by Furry Girl


I Love a Man in Uniform: A Memoir of Love, War, and Other Battles
by Lily Burana
Copyright 2009


A few weeks ago, I was doing a purge of my Amazon wishlist.  When I came to Lily's Burana's I Love a Man in Uniform, I thought to myself, "Yeah, I liked her book about stripping and her legal fight against stage fees, but I only have so many hours in my week, and it's not like being married to someone in the military is something I'll ever need to know about."  I almost deleted it, but figured I'd go ahead and read the book if someone else bought it for me.

Days later, I ran into a guy who I hadn't seem since we had a one-weekend stand in San Diego the spring of 2003.  (We hooked up a few days after the US invaded Iraq for Gulf War 2.)  As it turns out, he'd recently moved to Seattle, and had even gotten cuter in the last 9 years.  We went out to dinner, where he revealed that one of the things he'd been up to since our tryst was that he'd been in the military.  I laughed, and I assumed he was joking.  What kind of sassy punk street artist willingly signs up for the US military?  (I'd seen An Officer and a Gentleman - since when did the military even allow you to join if you have tattoos?)  The guy's reasons and experiences are his story to tell, but overall, his intentions were good.  I've seen a couple of photos of him from his enlisted days, and it's still hard to believe it's him in the fatigues, sporting a Forrest Gump haircut.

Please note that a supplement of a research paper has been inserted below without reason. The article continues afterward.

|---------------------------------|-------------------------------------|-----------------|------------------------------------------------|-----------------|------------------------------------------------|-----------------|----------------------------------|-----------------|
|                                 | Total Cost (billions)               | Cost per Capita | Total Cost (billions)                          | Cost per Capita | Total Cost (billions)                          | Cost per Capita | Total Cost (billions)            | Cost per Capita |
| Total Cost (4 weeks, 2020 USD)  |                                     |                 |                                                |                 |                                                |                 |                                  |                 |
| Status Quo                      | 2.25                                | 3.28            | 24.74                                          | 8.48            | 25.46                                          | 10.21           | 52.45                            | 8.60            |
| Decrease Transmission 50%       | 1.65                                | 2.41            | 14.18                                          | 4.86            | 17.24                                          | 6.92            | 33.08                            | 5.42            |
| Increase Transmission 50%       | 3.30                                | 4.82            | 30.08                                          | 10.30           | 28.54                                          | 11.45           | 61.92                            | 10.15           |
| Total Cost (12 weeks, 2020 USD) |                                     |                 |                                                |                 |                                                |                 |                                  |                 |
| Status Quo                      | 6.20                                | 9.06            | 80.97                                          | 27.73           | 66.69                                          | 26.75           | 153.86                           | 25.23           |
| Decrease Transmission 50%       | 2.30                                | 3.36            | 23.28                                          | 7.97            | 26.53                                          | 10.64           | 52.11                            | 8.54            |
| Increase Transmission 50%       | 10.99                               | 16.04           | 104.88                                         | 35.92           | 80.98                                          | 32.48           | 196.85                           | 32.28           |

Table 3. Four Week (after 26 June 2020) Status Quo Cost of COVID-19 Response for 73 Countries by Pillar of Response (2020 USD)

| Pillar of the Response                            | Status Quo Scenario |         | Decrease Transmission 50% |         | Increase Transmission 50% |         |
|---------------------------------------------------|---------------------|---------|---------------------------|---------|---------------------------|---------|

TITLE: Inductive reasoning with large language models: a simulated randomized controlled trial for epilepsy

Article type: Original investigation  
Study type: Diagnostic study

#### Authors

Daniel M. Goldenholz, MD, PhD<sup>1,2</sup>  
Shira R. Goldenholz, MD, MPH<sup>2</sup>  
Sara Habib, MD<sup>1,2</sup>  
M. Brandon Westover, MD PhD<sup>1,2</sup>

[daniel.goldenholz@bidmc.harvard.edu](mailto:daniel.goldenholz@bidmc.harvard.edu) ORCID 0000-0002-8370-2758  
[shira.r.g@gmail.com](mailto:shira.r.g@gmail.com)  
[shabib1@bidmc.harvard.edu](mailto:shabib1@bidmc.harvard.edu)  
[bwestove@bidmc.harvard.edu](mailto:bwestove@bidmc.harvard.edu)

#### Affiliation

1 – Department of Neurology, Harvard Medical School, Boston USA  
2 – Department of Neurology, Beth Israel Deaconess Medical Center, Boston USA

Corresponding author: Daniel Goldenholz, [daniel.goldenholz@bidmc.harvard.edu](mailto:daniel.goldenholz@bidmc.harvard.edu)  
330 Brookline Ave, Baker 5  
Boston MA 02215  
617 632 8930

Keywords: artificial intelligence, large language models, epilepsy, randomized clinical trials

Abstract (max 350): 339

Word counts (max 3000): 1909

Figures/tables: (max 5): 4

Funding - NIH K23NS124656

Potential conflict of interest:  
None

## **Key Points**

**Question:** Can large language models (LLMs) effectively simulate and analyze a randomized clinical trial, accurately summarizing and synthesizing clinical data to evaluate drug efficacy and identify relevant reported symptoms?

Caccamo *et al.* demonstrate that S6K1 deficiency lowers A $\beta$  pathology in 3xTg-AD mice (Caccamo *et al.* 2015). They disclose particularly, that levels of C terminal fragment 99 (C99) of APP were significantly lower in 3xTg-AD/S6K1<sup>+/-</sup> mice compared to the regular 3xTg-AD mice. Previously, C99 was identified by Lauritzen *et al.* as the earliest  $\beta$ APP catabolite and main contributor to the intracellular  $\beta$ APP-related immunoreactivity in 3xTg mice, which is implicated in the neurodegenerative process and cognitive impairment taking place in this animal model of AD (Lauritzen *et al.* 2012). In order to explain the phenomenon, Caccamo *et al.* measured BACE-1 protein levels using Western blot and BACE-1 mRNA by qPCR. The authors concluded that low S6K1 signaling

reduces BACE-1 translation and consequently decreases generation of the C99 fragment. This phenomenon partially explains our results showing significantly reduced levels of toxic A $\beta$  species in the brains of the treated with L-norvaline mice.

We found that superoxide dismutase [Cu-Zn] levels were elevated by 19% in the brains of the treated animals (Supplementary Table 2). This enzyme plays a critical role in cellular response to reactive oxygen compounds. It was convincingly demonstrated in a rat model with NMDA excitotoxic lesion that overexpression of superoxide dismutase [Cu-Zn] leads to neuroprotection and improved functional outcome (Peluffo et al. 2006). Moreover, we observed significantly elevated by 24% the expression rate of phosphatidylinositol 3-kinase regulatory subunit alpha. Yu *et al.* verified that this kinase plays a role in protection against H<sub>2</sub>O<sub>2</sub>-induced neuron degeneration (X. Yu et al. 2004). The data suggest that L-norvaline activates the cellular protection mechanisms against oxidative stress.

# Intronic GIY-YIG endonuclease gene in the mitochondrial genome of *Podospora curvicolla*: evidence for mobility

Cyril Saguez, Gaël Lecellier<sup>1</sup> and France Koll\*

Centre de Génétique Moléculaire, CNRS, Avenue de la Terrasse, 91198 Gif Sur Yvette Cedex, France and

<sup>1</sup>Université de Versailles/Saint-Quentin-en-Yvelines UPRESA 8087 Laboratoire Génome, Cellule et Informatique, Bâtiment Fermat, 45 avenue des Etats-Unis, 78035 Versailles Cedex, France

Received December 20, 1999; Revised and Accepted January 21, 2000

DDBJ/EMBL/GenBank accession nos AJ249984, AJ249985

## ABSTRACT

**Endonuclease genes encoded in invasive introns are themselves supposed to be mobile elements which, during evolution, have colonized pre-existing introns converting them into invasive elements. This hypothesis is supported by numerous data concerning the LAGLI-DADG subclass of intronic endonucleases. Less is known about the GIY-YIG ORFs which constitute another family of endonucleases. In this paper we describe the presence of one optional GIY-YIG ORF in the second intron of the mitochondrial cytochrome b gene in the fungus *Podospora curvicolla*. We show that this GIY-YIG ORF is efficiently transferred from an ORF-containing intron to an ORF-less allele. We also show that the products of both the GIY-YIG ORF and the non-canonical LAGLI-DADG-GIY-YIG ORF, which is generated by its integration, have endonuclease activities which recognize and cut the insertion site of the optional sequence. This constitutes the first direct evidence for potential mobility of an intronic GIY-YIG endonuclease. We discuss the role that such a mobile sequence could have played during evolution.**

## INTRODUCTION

After our date, which lasted until 7 or 8 in the morning when we finally fell asleep, I ordered I Love a Man in Uniform, laughing at myself about how I'd assumed its contents would never even remotely apply to any situation I would find myself in.  (This is not to say that I've found love at second sight, and am now plan on marrying my retired military fuck buddy.  Don't worry, dude, I haven't gone all bunny-boiler on you!  I do, however, like to put effort into learning about the people who share my bed.)